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Ag News

Ag News Roundup

June 4, 2016

Invasive Weed Infests Oregon’s Malheur County

White top, also known as hoary cress, has exploded throughout Malheur County, according to Oregon State University Cropping Systems Extension Agent Bill Buhrig. The weed is noxious to cattle and competes with beneficial plants. The weed has begun to invade alfalfa fields and other irrigated pastures.
Buhrig explains that it can be controlled with chlorosulfuron or metsulfuron methyl. Roundup and 2,4-D are ineffective against the invasive plant.

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USDA Aims to Strengthen Family Dairy Operations

Dairies participating in the Margin Protection Program (MPP) can now upgrade production history whenever an eligible family member joins the operation, protecting dairy cows they bring with them.

According to the USDA, this will help strengthen family dairy operations, including new dairies. Eligible family members include children, grandchildren or their spouses.

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Washington Livestock Inspection Fees on the Rise

The Washington State Department of Agriculture (WSDA) has asked the state Legislature to more that double livestock inspection fees for cattlemen and auction yards. The proposed increase would raise the fee scale for brand inspection from $17 to $42 per hour. This would include moving from a flat day fee to an hohrefy rate.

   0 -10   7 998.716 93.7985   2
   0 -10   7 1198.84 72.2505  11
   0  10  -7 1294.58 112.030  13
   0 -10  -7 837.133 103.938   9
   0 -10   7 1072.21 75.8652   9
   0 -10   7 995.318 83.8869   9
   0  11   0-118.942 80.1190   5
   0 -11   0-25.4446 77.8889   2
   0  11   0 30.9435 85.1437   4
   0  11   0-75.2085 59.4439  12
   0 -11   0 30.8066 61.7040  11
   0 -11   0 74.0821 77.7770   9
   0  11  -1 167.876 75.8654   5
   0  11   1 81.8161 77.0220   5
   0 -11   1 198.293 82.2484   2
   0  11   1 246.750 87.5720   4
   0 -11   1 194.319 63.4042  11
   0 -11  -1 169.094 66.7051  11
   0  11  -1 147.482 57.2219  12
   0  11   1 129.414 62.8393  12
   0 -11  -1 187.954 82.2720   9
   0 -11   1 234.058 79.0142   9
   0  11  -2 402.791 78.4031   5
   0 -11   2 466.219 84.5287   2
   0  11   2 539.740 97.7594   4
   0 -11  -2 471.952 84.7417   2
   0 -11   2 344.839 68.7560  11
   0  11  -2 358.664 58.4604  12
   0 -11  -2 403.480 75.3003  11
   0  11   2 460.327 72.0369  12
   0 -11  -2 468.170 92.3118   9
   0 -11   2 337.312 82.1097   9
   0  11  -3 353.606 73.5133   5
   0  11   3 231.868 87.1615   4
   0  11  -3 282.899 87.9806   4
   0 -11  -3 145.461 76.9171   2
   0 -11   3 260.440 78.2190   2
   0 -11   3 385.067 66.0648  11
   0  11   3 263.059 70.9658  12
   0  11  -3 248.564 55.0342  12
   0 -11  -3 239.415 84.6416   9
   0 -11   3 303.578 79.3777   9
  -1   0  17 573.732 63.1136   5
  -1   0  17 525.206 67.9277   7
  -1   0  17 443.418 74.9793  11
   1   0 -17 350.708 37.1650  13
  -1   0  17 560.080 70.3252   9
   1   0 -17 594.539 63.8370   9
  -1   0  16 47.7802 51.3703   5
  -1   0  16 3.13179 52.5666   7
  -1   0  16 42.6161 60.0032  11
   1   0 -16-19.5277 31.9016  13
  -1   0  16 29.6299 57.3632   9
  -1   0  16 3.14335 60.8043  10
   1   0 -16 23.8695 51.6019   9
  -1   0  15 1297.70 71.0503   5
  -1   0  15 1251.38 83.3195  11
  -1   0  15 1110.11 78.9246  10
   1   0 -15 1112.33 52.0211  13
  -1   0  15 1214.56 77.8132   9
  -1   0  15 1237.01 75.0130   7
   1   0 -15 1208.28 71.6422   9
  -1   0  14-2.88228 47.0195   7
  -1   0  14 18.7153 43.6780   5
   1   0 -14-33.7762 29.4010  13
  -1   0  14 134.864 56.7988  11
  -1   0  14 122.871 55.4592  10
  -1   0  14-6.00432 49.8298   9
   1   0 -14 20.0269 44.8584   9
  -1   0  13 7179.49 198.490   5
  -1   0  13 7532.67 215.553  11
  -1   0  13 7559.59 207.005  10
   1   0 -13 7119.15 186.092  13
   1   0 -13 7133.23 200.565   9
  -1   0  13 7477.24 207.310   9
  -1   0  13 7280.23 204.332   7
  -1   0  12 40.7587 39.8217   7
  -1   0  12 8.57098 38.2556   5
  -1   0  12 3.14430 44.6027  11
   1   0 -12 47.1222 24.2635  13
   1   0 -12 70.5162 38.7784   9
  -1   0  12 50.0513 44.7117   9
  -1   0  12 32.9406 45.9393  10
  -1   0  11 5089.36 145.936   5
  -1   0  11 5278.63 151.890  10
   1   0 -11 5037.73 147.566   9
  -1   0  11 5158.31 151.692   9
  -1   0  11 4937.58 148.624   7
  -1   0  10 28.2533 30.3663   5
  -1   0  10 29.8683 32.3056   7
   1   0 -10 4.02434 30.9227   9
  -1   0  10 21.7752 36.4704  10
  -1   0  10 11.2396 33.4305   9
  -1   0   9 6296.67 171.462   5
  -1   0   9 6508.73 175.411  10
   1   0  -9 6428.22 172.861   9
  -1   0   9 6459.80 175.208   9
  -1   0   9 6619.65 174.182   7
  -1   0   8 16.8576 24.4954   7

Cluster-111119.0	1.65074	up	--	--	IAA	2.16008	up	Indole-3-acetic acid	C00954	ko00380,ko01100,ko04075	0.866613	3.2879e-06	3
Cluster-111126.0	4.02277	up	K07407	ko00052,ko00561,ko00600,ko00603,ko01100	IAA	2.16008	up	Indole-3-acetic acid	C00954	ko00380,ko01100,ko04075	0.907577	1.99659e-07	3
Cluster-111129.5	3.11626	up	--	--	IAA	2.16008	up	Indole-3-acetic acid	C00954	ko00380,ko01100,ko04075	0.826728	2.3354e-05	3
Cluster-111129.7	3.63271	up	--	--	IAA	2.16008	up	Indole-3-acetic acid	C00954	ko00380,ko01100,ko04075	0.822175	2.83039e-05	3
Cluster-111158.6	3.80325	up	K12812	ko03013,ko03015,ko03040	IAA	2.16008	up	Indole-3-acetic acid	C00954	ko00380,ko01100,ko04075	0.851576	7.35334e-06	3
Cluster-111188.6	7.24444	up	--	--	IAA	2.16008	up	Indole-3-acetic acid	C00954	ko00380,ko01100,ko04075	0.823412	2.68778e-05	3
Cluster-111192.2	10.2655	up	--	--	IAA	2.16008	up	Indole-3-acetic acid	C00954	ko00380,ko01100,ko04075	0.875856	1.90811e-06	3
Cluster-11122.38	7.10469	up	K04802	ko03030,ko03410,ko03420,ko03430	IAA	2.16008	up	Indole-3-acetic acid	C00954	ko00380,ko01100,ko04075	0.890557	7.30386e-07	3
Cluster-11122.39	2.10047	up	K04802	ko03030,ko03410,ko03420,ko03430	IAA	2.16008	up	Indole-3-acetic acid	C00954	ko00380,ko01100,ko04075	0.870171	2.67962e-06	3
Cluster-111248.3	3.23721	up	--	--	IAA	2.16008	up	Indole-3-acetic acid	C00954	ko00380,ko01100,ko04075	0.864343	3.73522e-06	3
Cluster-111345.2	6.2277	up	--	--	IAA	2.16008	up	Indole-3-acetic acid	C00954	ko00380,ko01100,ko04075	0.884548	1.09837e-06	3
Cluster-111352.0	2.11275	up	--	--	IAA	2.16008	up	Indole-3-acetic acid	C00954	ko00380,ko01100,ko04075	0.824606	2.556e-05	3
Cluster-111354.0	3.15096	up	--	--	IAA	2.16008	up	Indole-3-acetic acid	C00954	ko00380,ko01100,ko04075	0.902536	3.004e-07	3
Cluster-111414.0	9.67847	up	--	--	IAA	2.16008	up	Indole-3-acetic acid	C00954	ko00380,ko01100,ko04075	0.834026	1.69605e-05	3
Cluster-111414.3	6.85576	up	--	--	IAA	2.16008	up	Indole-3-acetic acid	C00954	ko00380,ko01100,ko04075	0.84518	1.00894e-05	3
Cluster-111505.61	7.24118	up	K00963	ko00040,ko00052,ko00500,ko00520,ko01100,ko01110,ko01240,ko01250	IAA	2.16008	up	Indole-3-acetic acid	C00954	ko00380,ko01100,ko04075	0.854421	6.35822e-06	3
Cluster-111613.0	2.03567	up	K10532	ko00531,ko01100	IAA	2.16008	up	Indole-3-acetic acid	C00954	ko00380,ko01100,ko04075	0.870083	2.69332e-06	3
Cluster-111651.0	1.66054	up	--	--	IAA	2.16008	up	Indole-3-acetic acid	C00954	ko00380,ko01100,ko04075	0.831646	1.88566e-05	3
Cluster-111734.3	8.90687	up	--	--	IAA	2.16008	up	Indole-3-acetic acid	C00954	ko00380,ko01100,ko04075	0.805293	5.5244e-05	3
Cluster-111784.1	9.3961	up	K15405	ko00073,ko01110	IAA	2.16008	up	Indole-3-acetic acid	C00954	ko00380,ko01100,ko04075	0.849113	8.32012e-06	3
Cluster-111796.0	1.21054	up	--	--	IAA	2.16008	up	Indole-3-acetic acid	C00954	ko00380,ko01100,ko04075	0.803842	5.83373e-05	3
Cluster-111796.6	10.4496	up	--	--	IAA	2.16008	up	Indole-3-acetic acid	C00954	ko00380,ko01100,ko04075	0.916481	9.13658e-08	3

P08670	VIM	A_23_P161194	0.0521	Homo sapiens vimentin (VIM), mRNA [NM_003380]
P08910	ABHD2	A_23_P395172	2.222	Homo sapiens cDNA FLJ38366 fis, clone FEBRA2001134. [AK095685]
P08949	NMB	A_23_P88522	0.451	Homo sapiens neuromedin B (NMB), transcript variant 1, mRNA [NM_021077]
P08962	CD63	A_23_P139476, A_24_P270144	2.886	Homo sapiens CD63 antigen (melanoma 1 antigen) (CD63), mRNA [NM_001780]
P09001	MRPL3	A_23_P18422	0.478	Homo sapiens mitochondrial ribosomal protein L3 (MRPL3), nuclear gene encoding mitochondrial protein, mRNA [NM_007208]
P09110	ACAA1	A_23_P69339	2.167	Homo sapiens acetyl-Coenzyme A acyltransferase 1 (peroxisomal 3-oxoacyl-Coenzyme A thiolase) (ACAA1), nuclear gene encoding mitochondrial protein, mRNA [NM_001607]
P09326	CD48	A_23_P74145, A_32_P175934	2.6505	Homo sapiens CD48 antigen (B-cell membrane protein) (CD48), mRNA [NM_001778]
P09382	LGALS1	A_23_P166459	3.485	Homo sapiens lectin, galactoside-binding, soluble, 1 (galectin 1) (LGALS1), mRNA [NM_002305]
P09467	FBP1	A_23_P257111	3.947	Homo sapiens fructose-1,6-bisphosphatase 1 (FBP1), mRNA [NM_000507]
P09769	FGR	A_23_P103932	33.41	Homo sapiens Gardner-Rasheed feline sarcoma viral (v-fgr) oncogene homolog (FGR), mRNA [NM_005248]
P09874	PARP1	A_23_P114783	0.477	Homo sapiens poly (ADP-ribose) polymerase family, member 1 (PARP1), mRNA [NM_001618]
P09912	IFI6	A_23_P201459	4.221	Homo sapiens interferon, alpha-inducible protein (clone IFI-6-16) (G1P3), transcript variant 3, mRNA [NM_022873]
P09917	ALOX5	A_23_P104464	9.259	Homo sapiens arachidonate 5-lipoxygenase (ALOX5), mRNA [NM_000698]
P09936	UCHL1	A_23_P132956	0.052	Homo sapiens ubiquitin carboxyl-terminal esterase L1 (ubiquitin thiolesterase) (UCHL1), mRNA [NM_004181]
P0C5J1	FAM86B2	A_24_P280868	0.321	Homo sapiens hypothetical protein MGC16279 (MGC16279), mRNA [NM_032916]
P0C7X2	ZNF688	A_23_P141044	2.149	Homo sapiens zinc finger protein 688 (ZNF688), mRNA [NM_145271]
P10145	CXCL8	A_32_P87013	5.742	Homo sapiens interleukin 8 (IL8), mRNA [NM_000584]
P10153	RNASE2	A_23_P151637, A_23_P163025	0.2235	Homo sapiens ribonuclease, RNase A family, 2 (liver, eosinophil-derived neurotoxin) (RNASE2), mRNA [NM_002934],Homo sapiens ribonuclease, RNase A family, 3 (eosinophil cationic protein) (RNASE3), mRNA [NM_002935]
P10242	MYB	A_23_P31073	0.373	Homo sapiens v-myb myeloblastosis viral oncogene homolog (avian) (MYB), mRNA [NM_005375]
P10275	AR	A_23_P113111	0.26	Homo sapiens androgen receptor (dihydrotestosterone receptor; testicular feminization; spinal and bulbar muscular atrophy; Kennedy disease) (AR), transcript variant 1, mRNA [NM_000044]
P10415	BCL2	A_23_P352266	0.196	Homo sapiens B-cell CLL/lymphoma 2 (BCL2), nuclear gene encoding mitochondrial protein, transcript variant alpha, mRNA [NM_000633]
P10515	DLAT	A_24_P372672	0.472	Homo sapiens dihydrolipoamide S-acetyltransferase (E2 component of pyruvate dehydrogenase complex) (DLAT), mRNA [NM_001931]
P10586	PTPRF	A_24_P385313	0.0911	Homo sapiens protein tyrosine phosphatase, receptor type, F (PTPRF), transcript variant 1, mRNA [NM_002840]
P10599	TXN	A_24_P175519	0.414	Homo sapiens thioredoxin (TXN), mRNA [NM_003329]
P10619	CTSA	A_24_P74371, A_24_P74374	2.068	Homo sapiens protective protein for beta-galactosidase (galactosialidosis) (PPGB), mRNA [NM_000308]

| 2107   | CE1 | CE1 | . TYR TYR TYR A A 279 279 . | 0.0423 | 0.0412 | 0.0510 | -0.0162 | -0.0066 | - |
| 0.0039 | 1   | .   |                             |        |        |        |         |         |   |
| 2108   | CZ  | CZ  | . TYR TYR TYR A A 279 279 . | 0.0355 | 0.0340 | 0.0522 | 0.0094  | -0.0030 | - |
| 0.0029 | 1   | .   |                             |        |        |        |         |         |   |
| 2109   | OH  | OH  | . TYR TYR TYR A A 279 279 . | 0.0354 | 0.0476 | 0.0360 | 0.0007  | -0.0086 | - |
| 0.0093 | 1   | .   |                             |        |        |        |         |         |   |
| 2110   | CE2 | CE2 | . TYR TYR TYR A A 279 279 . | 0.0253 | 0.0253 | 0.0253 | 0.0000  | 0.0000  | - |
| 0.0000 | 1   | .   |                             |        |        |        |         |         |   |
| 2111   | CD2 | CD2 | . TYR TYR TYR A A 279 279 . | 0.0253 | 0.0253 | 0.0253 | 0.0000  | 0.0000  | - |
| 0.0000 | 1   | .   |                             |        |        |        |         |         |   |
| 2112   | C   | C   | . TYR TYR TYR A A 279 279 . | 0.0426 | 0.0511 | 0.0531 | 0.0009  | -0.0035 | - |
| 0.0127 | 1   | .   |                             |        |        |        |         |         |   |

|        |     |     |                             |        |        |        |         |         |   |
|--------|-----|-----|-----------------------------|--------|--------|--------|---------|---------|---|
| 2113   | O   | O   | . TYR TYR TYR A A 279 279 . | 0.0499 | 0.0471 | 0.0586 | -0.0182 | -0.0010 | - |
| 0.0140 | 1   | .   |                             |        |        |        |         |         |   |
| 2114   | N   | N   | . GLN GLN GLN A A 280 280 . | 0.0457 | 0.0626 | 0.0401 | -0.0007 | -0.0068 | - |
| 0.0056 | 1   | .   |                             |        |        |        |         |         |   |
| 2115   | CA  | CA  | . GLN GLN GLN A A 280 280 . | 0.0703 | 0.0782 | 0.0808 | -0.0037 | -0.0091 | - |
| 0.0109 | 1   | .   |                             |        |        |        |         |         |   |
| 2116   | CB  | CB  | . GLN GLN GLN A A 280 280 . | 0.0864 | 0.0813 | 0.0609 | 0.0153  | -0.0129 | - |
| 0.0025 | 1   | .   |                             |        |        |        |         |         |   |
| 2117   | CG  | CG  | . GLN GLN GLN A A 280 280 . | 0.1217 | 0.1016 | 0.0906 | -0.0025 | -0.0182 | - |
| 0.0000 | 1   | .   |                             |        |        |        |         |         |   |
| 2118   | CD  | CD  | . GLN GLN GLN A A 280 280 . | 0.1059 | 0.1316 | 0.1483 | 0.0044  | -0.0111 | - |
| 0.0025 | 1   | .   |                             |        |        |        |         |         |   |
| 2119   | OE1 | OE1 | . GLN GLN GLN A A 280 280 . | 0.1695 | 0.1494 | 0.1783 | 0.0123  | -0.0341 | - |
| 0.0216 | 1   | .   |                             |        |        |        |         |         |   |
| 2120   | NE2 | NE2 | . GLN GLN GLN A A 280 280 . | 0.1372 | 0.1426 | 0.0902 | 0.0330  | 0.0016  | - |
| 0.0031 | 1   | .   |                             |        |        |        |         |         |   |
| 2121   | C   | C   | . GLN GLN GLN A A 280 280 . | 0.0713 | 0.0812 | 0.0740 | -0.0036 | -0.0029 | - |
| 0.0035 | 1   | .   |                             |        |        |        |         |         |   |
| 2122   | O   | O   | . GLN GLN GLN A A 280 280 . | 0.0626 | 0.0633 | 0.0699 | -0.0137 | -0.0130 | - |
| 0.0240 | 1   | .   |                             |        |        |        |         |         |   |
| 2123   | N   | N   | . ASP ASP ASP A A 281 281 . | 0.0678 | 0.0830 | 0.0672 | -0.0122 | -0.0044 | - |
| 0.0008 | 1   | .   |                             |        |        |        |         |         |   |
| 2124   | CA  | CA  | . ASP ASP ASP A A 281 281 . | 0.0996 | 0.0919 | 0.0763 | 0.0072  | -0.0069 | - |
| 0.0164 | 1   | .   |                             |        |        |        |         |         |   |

The WSDA states that a budget shortfall has made the fee increase necessary. Inspection fees were last raised in 2006.

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Oregon Strawberry Crops Growing Strong

Strawberry growers in Oregon are reporting good-sized crops thanks to favorable weather. Growers are reporting great crops for other berries on the way as well, including blueberries, blackberries, and raspberries. According to Capital Press, Oregon ranks just third in the nation for strawberry production.

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China Selling Grain at a Loss

According to the USDA, China is expected to begin auctioning stockpiles of grain that could result in a $10 billion loss for the country’s farmers. The country stated it was ending its stockpiling practices and would instead move to a market-driven policy.
There is no speculation at this time on how the auction will affect worldwide gain prices.

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